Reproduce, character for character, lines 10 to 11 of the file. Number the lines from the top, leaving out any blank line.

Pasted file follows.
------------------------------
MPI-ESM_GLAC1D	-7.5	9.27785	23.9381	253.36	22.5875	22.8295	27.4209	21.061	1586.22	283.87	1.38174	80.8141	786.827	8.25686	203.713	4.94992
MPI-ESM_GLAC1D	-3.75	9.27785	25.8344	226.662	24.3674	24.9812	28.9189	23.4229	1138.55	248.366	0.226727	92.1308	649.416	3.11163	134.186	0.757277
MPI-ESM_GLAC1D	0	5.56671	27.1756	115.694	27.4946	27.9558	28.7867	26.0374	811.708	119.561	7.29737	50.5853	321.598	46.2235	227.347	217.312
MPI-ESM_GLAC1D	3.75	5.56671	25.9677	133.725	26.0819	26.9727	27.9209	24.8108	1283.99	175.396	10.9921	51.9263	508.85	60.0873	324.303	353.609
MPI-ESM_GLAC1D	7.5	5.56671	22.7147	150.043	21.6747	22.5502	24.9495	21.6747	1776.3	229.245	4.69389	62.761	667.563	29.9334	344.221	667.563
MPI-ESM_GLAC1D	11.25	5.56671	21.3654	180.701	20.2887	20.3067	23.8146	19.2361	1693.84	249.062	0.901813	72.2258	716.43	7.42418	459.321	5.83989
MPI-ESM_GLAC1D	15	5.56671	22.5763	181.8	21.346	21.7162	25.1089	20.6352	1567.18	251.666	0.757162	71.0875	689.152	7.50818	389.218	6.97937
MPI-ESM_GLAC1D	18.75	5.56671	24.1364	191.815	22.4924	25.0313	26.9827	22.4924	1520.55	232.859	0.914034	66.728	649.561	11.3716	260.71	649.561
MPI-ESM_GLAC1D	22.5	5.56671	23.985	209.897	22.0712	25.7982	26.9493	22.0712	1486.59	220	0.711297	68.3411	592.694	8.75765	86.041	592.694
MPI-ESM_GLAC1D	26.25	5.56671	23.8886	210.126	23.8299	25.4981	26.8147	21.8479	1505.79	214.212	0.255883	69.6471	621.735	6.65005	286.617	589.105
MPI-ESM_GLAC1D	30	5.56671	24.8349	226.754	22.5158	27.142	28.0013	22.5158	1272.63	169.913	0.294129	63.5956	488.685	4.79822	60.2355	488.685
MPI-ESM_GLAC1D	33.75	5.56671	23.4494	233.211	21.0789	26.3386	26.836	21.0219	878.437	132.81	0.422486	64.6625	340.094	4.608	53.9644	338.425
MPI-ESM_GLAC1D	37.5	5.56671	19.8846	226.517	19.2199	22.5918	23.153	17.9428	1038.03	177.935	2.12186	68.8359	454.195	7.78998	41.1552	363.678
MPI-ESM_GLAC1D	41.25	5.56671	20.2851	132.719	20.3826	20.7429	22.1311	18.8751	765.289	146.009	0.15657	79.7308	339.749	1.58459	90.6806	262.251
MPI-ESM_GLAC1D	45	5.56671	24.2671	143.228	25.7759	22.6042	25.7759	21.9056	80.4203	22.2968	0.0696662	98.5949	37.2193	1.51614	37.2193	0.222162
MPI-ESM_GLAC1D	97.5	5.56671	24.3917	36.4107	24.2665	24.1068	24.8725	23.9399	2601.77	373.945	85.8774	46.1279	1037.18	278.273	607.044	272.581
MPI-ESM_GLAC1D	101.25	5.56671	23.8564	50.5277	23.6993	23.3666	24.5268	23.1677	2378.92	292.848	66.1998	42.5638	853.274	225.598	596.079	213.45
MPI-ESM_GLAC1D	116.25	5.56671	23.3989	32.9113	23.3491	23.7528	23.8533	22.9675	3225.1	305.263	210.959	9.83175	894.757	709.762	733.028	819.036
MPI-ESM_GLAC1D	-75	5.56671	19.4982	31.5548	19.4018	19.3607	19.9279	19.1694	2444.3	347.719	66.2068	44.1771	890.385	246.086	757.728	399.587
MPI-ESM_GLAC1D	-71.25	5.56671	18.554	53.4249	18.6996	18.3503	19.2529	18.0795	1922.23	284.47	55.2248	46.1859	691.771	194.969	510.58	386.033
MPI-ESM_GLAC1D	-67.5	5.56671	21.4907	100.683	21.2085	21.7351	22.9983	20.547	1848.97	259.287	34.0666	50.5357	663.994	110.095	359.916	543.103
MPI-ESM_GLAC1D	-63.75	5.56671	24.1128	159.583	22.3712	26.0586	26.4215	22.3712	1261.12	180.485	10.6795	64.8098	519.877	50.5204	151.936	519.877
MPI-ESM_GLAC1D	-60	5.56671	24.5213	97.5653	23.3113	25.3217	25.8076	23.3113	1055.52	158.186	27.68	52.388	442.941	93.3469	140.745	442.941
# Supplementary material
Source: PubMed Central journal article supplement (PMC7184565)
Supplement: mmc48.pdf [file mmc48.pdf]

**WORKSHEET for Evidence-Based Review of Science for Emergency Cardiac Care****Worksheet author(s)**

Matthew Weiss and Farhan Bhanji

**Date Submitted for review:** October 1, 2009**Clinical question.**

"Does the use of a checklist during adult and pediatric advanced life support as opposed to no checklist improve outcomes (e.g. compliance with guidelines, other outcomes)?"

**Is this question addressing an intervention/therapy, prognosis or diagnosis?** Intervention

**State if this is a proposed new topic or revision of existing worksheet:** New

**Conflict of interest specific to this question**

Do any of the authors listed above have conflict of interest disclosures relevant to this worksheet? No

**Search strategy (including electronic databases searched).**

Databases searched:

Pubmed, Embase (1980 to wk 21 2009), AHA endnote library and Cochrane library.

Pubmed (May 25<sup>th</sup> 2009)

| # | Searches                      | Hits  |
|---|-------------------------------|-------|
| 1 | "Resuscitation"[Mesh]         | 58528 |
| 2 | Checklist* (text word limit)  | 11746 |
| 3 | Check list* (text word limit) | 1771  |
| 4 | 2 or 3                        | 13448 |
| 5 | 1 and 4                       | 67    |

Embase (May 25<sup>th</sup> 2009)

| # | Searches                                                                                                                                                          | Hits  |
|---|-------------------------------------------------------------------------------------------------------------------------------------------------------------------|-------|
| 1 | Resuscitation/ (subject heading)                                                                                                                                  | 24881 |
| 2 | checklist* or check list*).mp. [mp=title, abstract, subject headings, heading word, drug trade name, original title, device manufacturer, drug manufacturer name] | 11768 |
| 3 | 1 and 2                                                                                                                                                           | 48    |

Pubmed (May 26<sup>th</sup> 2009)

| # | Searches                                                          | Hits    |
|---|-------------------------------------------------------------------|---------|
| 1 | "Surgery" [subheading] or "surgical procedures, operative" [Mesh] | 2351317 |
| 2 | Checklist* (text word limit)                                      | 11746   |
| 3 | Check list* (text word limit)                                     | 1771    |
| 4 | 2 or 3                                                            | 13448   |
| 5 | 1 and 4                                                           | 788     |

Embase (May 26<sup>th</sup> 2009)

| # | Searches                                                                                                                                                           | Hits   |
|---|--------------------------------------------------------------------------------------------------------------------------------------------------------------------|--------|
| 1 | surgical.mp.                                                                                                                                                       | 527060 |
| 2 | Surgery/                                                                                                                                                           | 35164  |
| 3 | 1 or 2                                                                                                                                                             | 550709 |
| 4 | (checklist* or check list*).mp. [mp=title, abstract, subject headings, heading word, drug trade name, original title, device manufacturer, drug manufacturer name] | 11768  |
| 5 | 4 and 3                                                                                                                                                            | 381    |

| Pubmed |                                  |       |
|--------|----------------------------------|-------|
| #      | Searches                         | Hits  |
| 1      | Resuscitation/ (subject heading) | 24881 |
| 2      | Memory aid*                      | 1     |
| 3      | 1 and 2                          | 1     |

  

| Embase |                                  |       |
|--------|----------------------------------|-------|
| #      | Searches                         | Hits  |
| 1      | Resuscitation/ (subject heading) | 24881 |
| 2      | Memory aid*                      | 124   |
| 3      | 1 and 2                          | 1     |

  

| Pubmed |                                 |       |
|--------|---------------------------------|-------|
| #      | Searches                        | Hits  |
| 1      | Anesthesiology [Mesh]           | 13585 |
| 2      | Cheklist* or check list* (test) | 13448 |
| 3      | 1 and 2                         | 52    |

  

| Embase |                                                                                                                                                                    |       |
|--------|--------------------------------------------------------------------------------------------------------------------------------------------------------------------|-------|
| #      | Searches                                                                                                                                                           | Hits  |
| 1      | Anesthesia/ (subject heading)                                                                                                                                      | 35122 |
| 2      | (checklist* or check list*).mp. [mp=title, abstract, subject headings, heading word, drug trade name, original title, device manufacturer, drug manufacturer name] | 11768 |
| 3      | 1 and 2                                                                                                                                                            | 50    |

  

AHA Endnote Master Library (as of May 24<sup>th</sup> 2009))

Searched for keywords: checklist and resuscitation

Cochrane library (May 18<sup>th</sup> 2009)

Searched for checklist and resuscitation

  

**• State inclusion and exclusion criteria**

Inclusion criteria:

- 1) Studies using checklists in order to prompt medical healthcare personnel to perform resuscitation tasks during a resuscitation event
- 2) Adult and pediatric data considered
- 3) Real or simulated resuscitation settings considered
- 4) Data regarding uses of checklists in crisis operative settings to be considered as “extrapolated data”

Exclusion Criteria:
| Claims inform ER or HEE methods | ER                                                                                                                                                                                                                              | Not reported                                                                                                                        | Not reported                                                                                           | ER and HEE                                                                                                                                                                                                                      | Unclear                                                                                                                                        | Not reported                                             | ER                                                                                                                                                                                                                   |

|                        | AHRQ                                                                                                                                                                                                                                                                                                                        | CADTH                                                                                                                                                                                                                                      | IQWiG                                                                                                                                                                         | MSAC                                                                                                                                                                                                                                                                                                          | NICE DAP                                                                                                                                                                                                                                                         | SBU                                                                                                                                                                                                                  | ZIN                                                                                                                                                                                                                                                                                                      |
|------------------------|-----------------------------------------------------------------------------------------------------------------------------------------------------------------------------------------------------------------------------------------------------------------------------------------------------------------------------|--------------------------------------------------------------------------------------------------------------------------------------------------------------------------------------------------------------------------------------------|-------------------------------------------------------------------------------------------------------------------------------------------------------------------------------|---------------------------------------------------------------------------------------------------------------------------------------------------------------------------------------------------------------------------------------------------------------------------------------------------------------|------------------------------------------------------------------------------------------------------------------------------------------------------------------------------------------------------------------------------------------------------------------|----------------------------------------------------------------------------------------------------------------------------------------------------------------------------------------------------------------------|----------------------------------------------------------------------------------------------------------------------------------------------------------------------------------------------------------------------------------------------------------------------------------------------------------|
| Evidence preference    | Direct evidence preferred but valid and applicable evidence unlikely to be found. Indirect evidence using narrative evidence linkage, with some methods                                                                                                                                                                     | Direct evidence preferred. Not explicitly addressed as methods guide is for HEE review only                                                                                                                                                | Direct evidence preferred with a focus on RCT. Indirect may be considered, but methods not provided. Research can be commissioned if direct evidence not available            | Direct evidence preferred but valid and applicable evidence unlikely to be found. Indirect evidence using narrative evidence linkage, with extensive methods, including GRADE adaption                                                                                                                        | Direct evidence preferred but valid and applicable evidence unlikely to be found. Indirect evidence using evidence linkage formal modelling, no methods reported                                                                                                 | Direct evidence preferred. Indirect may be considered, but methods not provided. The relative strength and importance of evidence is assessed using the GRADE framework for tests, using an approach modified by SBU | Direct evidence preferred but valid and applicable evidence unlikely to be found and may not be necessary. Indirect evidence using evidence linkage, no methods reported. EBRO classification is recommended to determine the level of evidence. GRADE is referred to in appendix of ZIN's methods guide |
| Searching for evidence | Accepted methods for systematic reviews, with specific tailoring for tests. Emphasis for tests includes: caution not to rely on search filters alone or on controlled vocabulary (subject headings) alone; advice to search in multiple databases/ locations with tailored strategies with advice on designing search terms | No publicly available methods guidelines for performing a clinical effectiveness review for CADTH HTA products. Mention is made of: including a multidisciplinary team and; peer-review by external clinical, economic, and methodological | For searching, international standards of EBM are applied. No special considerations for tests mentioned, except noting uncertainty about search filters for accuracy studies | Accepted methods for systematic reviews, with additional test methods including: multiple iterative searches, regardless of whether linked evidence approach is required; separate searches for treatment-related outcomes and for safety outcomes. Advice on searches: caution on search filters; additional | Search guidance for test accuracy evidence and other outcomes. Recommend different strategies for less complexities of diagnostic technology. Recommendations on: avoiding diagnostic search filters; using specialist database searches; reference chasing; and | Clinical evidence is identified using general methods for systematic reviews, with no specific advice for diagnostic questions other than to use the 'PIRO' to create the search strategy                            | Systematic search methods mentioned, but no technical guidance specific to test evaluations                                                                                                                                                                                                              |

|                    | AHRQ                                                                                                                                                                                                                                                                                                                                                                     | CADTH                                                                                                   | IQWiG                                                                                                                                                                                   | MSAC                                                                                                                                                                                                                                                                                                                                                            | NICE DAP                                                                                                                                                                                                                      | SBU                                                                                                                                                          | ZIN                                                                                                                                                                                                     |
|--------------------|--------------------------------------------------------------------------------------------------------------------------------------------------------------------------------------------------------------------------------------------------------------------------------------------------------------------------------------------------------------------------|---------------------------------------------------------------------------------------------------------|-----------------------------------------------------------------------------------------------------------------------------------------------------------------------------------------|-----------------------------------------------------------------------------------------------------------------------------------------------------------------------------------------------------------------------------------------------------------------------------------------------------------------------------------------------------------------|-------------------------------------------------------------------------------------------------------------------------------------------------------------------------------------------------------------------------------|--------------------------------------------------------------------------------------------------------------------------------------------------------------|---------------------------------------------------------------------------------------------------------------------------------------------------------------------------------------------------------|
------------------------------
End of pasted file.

MPI-ESM_GLAC1D	26.25	5.56671	23.8886	210.126	23.8299	25.4981	26.8147	21.8479	1505.79	214.212	0.255883	69.6471	621.735	6.65005	286.617	589.105
MPI-ESM_GLAC1D	30	5.56671	24.8349	226.754	22.5158	27.142	28.0013	22.5158	1272.63	169.913	0.294129	63.5956	488.685	4.79822	60.2355	488.685